First off, if you haven’t seen this, you’re missing out.
It’s true. Okay?
In the video, windmills are the first feature in the sequence, and for good reason. The windmills in the Netherlands are spectacular (well, at least for people who don’t see them all the time), and they add a little splendour to the lands they stand on.
When I visited the Netherlands, windmills completely slipped out of my mind. I was distracted by big cities and expensive museums. It wasn’t until some of my hostelmates at Rotterdam mentioned Kinderdijk (pronounced kin-der-dike, not kin-der-dick) that I decided to make an impromptu trip there. I’m not gonna lie—it was the best part of my entire trip. And you know what’s even better? It’s free.
How to get there
From Rotterdam, I took the Waterbus from the Erasmus Bridge directly to Kinderdijk. And I highly recommend you do the same. The service runs approximately twice every hour. At the dock, wait for the 202 to Kinderdijk Molenkade. Yes, just like you wait for the bus. The number will be prominently displayed on the ferry. In any case, don’t worry, just follow the tourists. 😉
If you haven’t already gotten the ov-chipkaart (as they say, it’s always cheaper with an ov-chipkaart), you can purchase your tickets on board. The conductor / conductress will come around. Prices are €4 for a single trip and €8 for a round-trip.
Advice for non-solo travellers: you get 5% off fares for up to 9 people and 25% off for a 10- to 35-person group if you book online in advance. Only one e-ticket will be issued, so make sure you travel together. Warning: the page is available only in Dutch.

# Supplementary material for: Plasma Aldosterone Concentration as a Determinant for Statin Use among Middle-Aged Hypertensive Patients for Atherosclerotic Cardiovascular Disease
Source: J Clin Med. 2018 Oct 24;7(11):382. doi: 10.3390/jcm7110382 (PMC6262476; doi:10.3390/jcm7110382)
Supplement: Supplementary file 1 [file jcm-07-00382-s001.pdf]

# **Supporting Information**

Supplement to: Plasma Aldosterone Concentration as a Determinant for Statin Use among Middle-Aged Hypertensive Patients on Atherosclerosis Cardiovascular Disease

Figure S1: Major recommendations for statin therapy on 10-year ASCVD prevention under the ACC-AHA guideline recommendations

If you’re travelling with an ov-chipkaart (again, highly recommended if travelling solo), always remember to tap in and out on each journey or risk getting fined.
Alternatively, if you can’t stand water and beautiful scenery, you can take bus 190 from Rotterdam Lombardijen train station. If you’re a smartphone user, Google Maps and CityMapper will help you out there.
Arrival and Entrance
The ferry drops you off right at the non-existent doorstep (it’s an open area) of the UNESCO world heritage site. Cross the road and follow the path straight ahead. At some point, you’ll come across a ticketing counter. Now, if your sole purpose is to take a walk and see the windmills, keep walking. Entrance to the grounds is free. Loads of tourists unknowingly buy tickets which are only meant for the museums located inside two of the mills. You are free to wander around and take photos! It’s really beautiful, and tranquil, even with all the tourists milling about (Hah! Geddit?).
Kinderdijk is stunning, especially on a beautiful day. I was extremely lucky with the weather. It was very cold for a spring day (about 6°C), but very clear. Once there, you’re greeted by open space all around (including water). There are paths for you to walk on with windmills on the opposite bank on both sides. Maybe because you’re not confined in a building with a few hundred other strangers, there’s much less of a touristic feel about the place. There were Dutch school groups doing a cycling trip when I was there, and I was thoroughly amused by a large group of teenagers riding by singing the Teletubbies theme song. If you visit in spring, you might even catch some ducks and geese bringing their hatchlings out for a swim!
So yes, if you’re planning a trip to the Netherlands, Kinderdijk is a must. Forget Amsterdam. This is where you’ll feel some Dutch charm. Not overrated at all!